With all this talk of Philadelphia as New York's sixth borough, Johnny Goodtimes wants to spotlight a unique event that can't be found in London or Paris or Brooklyn, even:
A punk rock cowboy calypso Quizzo spectacular.
Sunday night Goodtimes is bringing his best Quizzo game to The World Cafe Live, where contestants will vie for some terrific - and some tinny - prizes by showing off what trivia they know about sports, popular culture, current events, history and worldly wonders.
Between rounds, the Kyle Dunleavy Steel Drum Quartet will perform. As will The Lunchbox Cowgirls, a country cabaret band. And some local break dancers.
"It could be a tremendous success or a complete train wreck," he promises. "People will be well served to see either."
We sat down at La Colombe with Goodtimes Monday afternoon unable to resist meeting someone who lists his previous employment as dolphin trainer and cantaloupe salesman.
That and more. He's a Virginia planter, reared on an Eastern Shore farm, outside a town of 600. After studying communications at Radford U., he spent three years in Hawaii (that's where he lent his skills to dolphins) then aimed for the big city. Which was New York until he investigated the cost of an apartment.
He was driving back to Virginia with a lady friend when the urge for a cheesesteak overwhelmed him. He'd been here as a boy - for an Eagles game and a trip to the Franklin Institute. He found himself at 12th & Chestnut one spring about four years ago. It was pretty. No humidity. "It seemed to have more breathing room than New York City."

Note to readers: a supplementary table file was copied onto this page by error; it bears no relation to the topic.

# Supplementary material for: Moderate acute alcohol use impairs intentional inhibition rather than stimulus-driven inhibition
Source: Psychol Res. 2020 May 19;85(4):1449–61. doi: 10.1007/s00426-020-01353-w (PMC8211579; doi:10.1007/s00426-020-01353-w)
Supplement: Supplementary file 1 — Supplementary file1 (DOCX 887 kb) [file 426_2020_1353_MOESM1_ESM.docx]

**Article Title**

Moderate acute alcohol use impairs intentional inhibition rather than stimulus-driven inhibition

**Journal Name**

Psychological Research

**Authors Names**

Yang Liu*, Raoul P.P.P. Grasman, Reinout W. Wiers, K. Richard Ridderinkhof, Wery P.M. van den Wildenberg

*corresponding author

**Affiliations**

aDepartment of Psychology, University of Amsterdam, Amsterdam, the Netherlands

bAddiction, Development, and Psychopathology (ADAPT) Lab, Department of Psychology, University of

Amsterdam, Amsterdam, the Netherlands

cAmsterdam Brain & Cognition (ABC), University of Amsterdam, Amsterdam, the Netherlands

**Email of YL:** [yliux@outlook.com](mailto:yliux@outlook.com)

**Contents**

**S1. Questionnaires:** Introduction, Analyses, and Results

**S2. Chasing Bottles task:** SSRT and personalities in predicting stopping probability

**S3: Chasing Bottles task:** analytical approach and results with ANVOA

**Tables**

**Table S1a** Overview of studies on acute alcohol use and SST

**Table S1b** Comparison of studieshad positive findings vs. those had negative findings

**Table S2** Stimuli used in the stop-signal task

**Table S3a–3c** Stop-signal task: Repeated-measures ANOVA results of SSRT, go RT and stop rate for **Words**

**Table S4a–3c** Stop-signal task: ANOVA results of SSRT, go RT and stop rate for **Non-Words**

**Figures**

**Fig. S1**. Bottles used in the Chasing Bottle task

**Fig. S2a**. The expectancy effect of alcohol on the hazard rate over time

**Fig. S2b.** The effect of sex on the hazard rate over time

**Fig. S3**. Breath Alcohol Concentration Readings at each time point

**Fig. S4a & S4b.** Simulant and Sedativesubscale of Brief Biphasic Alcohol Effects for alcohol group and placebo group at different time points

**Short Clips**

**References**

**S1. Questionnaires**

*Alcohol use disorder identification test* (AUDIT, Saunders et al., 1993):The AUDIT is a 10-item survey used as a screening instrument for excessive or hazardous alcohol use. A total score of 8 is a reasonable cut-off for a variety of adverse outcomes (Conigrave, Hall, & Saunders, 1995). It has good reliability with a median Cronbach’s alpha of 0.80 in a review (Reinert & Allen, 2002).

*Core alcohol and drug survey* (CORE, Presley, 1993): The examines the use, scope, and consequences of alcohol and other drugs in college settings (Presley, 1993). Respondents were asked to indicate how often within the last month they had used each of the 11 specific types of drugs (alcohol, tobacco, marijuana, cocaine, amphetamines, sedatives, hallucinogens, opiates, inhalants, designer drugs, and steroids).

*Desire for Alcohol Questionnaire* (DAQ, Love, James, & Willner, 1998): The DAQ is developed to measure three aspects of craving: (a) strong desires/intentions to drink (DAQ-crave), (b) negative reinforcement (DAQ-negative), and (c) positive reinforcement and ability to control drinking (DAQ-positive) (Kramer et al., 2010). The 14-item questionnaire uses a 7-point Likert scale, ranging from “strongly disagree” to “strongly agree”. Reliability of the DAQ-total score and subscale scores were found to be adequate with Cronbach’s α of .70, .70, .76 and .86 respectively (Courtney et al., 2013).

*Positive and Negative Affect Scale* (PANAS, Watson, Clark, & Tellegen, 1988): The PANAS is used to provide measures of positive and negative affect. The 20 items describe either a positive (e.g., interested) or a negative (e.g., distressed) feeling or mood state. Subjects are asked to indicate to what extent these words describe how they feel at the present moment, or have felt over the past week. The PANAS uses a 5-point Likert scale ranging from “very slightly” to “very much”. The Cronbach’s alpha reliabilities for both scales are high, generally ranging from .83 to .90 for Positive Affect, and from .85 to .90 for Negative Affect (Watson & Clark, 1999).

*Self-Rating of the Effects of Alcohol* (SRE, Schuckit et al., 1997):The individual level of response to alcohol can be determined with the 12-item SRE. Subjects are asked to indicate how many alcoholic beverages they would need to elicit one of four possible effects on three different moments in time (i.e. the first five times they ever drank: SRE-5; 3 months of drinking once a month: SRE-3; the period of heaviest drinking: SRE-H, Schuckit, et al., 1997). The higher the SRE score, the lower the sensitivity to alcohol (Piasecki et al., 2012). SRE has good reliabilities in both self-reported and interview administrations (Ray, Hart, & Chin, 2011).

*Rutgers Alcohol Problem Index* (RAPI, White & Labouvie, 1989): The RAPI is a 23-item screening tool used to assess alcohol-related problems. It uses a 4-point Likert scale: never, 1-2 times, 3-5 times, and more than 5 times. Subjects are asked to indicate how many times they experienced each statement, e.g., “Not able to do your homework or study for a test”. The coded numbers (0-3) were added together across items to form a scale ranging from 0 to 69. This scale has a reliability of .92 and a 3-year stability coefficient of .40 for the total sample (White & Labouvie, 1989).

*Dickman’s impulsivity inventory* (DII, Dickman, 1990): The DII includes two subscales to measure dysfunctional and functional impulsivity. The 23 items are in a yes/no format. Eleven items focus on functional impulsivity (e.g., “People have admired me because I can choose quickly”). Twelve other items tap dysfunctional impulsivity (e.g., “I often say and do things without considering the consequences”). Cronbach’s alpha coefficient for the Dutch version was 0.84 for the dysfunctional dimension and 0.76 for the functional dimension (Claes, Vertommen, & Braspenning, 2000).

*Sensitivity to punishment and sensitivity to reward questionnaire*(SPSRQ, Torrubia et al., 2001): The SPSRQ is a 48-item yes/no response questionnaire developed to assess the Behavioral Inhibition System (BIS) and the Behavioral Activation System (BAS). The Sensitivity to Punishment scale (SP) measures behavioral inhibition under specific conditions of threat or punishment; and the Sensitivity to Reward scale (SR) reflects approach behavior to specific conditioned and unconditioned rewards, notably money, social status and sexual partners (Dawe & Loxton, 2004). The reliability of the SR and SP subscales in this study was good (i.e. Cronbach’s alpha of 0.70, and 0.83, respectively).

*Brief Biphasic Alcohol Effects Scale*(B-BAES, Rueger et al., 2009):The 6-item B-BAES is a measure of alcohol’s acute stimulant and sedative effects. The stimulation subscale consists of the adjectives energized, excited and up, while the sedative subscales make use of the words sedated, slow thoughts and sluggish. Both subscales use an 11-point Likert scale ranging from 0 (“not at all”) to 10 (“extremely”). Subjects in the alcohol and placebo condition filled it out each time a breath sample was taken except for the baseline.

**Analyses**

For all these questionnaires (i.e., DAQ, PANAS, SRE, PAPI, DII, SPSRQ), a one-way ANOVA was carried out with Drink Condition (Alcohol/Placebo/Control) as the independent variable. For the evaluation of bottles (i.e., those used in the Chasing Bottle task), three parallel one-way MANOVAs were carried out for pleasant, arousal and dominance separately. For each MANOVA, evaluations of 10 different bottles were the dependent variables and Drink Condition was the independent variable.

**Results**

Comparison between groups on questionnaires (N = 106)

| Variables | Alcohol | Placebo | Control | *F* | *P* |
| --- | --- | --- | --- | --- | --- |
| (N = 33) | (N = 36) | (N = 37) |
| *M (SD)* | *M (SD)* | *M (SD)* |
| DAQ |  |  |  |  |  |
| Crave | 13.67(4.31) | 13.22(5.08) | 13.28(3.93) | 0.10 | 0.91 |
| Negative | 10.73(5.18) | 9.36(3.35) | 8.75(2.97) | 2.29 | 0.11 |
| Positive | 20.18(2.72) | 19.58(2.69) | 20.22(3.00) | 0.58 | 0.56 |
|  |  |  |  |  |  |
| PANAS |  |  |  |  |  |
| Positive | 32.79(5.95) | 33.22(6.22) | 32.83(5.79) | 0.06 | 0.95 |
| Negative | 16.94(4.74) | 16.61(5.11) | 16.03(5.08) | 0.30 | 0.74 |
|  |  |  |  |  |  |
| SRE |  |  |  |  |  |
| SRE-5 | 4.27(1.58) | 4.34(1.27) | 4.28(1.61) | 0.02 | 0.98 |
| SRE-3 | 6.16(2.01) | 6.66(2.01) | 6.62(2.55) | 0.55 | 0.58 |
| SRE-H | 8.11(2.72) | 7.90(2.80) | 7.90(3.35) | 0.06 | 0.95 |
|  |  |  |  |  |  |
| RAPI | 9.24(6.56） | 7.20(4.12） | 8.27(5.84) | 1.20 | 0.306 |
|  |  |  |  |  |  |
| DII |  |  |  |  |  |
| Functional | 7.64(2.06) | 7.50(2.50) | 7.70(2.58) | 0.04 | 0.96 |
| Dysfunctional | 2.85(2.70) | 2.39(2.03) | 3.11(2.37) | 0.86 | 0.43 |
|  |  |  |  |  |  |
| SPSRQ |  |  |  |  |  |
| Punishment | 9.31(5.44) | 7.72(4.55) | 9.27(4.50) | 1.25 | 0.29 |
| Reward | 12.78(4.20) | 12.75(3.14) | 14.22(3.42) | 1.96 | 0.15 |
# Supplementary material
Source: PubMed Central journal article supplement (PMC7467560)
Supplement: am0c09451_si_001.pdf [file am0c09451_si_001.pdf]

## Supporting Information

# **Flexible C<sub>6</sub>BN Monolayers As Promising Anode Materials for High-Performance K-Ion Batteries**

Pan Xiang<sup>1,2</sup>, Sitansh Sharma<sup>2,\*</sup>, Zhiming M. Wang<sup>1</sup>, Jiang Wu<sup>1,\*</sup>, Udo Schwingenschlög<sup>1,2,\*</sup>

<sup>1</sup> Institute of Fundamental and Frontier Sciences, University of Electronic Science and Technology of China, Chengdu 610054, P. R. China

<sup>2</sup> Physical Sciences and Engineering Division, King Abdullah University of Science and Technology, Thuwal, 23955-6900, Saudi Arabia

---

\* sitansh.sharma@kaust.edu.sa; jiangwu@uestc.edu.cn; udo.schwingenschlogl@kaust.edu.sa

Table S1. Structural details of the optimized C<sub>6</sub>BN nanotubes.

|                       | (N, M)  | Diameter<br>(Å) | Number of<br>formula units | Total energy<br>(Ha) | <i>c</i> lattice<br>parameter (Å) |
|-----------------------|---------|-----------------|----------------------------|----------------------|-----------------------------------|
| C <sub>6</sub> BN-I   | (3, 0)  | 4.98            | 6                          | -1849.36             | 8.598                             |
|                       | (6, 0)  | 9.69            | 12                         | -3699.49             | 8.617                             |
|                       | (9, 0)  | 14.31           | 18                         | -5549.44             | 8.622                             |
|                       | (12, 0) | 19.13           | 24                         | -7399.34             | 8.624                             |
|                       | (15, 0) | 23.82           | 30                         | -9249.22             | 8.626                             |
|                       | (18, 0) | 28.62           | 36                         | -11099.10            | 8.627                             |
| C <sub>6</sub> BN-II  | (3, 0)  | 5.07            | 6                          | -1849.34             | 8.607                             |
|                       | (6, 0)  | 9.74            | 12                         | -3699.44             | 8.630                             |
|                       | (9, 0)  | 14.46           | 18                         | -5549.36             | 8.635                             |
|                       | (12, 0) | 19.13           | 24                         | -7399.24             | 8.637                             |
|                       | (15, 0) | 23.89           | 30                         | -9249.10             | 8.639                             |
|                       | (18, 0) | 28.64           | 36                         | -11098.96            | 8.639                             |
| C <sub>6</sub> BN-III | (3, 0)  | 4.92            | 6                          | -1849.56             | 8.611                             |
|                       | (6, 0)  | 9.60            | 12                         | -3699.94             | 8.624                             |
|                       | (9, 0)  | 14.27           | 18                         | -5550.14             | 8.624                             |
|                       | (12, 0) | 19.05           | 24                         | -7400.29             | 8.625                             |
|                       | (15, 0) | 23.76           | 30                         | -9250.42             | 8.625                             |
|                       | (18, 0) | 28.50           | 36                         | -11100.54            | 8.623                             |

Been here ever since. He started doing a pay-for-play radio show - sports talk on an AM African-American station. To afford the vanity slot, he waited tables in period costume at the City Tavern. He caught a Quizzo game and found his calling.
It took a while to find a venue. He pitched it about 150 places, striking out at most. "I did it in some places that shouldn't have had Quizzo." Moda, for instance, was blasting house music one night. People were standing around in $200 shirts drinking high-rent martinis. "They couldn't give a crap who was the king of Germany in 1752."
But since then he's found a half dozen or so homes - enough that this is his full time gig, promoting Quizzo and finding challengers to the reigning champs - champs anger most comers by not seeming to care and by winning consistently. (They were upset earlier this summer. Sunday should test whether that was an aberration.)
As for the prizes, he promises cash and gift certificates to the World Cafe and other venues. And Polish war movies.
"Paulie Shore movies!" he repeats over the din at the cafe. Even worse.